Hawthorn described the situation as follows:. If food supply and distribution were simply a matter of science and technology, our task would be easy because it is not difficult to demonstrate that the biological resource of our planet can support a human population greater than our present. Unfortunately, economic and cultural factors often dominate and sometimes swamp the sweet reason of our scientific disciplines. On such factors our influence can only be indirect. Technological developments in all spheres of agricultural production, processing, and marketing have largely abolished the economic independence of the individual farm-holding.
It has become dependent on and part of a steady inflow of inputs and services into production and of a continuous outflow of semi-finished products which are taken over by processing factories, grading and packing stations, or supermarkets. These developments have affected the institutional set-up in the rural areas. In order to meet the challenges of the technical innovations and to obtain economies of scale, agricultural producers in Western Europe have gradually changed their patterns of purchase, production, and marketing.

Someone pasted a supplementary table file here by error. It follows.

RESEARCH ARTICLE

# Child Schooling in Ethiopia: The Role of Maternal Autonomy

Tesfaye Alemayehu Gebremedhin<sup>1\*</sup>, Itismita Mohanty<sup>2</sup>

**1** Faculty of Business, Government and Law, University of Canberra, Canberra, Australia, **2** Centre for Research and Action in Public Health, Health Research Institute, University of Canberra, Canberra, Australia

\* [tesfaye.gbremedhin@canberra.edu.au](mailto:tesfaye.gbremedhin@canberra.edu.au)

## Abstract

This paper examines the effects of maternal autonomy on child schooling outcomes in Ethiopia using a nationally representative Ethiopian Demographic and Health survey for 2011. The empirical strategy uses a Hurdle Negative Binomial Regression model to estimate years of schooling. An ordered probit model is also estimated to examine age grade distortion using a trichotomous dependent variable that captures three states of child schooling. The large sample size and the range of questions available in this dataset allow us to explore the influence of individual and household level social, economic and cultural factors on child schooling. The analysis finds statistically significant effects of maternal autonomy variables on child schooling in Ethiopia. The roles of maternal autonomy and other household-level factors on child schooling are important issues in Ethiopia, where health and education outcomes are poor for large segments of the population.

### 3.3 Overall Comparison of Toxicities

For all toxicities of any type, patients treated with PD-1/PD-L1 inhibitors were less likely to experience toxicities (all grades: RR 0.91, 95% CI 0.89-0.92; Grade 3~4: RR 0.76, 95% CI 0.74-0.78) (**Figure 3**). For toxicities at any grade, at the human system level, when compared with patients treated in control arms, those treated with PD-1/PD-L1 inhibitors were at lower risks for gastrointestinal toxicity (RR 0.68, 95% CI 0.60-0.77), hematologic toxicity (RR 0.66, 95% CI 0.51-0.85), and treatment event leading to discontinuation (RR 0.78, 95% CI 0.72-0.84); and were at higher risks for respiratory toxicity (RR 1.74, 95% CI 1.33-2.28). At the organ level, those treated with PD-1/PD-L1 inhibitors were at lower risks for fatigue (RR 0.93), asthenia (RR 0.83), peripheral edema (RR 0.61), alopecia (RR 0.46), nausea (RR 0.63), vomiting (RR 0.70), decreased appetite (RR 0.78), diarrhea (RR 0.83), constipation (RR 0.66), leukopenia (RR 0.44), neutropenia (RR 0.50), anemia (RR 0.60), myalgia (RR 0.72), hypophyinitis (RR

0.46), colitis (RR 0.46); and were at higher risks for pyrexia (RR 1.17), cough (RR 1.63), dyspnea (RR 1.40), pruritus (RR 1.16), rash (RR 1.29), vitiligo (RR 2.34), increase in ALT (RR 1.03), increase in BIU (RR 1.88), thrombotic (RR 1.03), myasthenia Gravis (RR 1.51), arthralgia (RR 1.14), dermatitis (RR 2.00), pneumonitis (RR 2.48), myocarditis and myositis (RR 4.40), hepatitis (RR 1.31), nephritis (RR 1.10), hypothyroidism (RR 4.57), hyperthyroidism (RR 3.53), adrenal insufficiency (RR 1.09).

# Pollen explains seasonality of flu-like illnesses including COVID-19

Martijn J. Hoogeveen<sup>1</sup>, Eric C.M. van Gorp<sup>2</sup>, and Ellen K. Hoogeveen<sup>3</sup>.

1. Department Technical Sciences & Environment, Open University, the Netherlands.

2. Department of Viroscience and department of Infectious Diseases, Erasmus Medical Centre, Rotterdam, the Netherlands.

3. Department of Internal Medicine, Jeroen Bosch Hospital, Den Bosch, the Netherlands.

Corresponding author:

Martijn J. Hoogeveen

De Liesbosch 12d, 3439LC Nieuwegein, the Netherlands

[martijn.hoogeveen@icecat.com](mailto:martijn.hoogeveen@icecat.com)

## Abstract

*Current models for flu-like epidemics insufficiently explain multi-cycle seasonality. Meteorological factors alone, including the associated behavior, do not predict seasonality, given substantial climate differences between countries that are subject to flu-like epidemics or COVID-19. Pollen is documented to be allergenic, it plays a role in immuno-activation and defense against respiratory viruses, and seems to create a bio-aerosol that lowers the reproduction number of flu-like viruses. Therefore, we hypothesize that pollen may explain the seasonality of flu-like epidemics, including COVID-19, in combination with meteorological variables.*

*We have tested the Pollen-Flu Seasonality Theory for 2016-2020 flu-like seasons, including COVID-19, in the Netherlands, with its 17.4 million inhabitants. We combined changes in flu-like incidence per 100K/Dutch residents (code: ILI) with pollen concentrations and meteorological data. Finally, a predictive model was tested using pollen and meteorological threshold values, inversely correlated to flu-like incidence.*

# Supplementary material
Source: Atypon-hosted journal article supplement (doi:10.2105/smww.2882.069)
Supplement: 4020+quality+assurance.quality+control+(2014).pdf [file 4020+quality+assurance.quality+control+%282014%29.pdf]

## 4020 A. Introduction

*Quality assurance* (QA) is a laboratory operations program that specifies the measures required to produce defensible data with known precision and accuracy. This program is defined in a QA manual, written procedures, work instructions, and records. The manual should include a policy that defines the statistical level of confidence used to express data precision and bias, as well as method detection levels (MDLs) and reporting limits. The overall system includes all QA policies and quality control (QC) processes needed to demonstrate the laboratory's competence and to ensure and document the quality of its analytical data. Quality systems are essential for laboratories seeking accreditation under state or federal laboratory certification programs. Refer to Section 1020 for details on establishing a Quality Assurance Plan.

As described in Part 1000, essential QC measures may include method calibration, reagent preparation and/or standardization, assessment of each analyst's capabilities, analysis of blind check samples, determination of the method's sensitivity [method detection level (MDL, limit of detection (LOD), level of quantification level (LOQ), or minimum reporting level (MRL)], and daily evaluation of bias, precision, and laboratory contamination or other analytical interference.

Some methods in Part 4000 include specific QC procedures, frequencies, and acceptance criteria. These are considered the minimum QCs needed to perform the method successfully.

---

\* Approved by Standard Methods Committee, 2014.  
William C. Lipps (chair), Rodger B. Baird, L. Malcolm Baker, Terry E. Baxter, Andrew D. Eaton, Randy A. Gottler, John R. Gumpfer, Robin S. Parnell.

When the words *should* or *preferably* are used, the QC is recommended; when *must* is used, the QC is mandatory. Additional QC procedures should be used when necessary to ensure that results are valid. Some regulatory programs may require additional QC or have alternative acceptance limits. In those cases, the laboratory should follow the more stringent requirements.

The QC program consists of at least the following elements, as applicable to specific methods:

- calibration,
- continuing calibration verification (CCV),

In the past farmers relied heavily on their traditional village co-operatives. But technical and economic developments now call for larger primary banks, integration into a regional or national banking system, Iarger dairies, and modern, centrally located enterprises for processing, transformation, and marketing. The advantages of closeness to the members and of cooperative democracy are thus automatically diminished.
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While cooperatives were originally established to help the small farmers, now their economically calculating managers consider small producers to be less desirable members, because their involvement means higher costs per unit of delivered inputs and collected output. Thus, "modern" cooperatives wish to select their members according to economic capacity. In many primary credit co-operatives, farmers have become a minority, who badly need the nonagricultural majority, but who cannot determine credit policies anymore.